The astonishing opening scene shows firemen forcing open the door of an elegant apartment where a death has taken place. Doors and windows have been sealed with masking tape. It's been days, so everyone covers their faces from the stench. An elderly woman's body is found, blue and withered, her pillow strewn with flowers. Next comes a long take of an audience at a concert hall, mirroring us. What we are about to see is a reflection of our own life. Among this audience sits an elegant couple, alert, waiting for the music to begin. They come home bantering courteously. After all these years, he still finds a bon mot to tell her. Georges and Anne are a refined Parisian couple. They have devoted their life to teach music. They live surrounded by civilization: books, art, Paris. They are warm but quaintly formal towards each other, and they quietly enjoy their long lived company.
But Anne has a stroke. The first movement (in this movie the acts feel like movements in a sonata), takes place at the beginning of her illness. At this point, Anne is still lucid, yet paralyzed on one side. It's a scary nuisance, but she is fiercely independent and refuses to be condescended to. She has been to the hospital and makes Georges promise he won't send her back. The movie is about how he keeps this promise.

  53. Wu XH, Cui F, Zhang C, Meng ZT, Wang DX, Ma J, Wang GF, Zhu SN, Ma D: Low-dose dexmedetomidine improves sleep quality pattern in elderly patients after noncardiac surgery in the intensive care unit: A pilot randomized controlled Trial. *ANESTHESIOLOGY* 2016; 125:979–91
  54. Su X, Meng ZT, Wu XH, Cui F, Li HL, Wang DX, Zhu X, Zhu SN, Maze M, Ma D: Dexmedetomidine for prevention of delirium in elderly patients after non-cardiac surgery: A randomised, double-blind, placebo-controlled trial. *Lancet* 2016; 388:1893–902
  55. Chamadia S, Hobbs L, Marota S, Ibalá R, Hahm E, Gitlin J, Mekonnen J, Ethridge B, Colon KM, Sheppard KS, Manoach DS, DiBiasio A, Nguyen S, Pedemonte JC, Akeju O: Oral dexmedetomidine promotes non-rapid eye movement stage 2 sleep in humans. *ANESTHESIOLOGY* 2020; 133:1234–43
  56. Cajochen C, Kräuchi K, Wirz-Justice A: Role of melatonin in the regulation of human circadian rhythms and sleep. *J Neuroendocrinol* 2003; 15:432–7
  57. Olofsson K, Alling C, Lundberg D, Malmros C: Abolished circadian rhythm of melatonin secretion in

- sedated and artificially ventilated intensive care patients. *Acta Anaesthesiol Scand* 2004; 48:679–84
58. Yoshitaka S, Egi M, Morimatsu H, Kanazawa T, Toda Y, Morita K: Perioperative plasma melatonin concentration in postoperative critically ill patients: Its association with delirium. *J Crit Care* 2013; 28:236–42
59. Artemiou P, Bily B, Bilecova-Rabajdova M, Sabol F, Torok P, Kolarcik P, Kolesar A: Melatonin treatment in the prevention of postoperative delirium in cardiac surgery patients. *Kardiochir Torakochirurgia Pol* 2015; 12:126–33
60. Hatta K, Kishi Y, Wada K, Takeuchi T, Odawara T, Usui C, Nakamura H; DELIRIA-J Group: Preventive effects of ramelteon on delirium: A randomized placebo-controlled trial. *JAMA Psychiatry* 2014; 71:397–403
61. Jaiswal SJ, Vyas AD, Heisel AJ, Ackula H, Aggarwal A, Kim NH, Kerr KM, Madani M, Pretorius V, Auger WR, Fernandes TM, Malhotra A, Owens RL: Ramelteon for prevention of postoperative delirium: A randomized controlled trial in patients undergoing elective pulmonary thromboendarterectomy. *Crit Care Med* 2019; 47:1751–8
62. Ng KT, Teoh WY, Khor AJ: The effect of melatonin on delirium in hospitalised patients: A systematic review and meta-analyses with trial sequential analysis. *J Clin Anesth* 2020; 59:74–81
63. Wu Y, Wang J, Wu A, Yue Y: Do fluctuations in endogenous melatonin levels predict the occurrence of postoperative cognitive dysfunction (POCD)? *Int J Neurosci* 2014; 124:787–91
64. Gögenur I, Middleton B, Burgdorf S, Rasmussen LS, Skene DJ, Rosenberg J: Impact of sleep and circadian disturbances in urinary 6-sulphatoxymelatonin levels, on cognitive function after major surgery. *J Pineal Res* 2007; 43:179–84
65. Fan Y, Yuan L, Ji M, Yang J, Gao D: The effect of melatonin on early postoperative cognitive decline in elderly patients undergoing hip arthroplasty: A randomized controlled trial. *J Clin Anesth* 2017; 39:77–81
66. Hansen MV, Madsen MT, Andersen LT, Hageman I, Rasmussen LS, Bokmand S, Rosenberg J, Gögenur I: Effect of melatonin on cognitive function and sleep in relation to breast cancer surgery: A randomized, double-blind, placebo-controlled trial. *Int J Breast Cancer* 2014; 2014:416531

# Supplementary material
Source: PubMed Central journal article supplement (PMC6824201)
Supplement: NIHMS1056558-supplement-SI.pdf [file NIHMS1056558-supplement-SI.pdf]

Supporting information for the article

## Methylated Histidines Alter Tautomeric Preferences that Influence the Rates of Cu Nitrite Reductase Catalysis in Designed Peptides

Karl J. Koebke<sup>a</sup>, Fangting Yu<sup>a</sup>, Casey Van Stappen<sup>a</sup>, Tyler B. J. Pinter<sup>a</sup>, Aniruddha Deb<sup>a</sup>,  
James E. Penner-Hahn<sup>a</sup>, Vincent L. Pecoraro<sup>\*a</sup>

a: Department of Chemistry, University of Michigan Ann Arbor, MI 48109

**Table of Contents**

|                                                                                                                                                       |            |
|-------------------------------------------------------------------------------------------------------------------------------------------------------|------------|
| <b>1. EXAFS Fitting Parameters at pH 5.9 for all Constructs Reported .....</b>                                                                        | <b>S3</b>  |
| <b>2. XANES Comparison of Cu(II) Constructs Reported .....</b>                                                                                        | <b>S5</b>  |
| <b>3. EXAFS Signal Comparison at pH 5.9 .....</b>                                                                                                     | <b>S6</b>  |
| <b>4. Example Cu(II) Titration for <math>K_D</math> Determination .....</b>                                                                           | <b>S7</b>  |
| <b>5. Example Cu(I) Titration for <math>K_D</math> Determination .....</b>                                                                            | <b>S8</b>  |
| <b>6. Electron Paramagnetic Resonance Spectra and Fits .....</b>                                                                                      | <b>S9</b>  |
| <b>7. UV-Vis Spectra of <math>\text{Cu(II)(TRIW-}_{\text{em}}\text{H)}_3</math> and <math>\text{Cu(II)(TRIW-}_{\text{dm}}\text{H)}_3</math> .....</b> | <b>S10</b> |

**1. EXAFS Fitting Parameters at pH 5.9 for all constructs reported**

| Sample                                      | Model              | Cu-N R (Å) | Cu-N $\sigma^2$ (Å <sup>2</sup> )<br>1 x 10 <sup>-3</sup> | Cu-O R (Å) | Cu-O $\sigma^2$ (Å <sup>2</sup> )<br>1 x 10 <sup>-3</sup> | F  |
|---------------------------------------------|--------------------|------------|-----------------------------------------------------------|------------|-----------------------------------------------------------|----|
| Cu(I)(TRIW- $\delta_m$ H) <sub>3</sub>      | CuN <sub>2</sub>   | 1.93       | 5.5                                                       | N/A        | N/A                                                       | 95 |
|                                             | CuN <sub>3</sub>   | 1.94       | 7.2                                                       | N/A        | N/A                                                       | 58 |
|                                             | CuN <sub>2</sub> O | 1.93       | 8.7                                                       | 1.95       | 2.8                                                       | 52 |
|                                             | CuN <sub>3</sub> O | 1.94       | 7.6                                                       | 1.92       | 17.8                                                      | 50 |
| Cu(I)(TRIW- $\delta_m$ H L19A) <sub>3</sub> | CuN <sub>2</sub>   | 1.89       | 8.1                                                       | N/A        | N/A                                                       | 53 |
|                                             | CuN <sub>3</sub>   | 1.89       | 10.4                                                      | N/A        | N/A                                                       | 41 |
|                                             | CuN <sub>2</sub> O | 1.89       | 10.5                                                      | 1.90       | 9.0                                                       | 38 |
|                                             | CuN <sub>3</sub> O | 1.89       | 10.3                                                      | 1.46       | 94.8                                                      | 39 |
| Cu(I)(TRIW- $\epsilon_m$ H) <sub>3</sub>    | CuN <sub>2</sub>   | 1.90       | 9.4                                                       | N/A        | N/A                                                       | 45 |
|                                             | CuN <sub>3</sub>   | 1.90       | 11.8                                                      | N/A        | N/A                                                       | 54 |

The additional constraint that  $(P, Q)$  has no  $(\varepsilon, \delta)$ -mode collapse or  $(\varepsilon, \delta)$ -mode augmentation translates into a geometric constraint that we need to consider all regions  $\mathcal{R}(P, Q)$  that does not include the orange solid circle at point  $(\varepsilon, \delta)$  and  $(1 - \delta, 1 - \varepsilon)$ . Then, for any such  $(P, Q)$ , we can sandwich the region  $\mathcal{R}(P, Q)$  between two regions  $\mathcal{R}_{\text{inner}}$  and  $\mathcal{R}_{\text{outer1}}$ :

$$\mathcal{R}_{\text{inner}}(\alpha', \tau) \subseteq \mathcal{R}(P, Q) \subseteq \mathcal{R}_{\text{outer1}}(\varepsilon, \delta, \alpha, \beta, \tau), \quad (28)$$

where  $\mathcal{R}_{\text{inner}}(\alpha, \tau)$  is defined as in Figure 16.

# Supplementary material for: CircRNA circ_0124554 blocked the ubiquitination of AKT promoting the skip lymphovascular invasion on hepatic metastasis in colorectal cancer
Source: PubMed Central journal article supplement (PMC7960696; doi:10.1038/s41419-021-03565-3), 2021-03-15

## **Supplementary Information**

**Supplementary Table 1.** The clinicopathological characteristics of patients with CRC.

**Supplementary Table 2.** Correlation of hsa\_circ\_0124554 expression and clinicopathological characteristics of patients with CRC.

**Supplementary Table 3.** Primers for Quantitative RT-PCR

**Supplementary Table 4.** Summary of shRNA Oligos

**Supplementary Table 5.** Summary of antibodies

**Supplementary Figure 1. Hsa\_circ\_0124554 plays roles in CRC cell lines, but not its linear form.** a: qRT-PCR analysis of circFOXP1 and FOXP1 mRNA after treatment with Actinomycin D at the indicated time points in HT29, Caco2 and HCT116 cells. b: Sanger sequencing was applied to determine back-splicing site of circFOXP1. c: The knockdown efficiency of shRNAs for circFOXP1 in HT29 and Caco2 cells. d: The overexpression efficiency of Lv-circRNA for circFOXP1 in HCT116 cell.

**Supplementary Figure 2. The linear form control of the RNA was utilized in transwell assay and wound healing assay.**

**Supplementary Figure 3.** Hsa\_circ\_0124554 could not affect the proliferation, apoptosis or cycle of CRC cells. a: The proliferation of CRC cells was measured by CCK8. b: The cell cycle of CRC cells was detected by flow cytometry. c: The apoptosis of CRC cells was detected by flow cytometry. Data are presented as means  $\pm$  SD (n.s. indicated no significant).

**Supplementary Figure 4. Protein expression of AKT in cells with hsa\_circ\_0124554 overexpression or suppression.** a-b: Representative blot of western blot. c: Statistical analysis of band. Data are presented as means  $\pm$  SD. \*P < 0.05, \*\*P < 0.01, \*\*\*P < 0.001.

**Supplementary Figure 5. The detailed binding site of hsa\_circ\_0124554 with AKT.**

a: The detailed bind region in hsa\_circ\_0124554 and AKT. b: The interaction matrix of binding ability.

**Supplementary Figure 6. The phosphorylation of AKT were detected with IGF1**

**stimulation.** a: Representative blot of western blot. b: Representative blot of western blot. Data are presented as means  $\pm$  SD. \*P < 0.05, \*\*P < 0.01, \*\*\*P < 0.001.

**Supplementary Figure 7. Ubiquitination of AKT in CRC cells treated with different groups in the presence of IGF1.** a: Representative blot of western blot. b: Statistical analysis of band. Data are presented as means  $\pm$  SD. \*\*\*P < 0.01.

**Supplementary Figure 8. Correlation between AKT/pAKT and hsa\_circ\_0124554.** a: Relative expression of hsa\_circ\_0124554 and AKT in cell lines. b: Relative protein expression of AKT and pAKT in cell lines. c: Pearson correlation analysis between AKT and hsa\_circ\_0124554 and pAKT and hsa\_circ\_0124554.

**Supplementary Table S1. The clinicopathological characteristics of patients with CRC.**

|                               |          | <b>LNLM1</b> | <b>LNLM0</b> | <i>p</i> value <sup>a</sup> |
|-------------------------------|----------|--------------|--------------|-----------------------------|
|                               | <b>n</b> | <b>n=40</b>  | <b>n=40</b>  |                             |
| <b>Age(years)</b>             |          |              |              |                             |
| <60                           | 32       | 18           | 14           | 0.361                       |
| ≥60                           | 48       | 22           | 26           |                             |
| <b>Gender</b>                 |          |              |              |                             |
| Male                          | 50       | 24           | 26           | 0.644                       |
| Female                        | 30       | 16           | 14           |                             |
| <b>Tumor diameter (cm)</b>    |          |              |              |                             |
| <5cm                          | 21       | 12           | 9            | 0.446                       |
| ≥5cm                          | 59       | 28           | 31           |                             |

In the second movement, Anne deteriorates, losing her ability to speak and do things for herself. However, her mind is still painfully intact, and Anne, the most elegant and dignified of women, cannot stand her dependency and the loss of her physical integrity. She is depressed and angry. Throughout, Georges soldiers on, taking care of her by never losing sight of the woman she has always been. He is an intelligent, articulate man, dry and loving at the same time, who honors his promise without complaint, without self-pity or aggrandizement, and without expecting applause, yet with great tact and delicacy towards his wife. No words suffice to sing Riva's and Trintignant's praises. Haneke is not one to spare his actors the discomfort of portraying the most unvarnished truth. Riva and Trintignant rise to the occasion with extraordinary intelligence and generosity, without a trace of pandering sentiment or manipulative emotion. At their age, to portray these characters with such commitment, artistry and dignity is simply epic.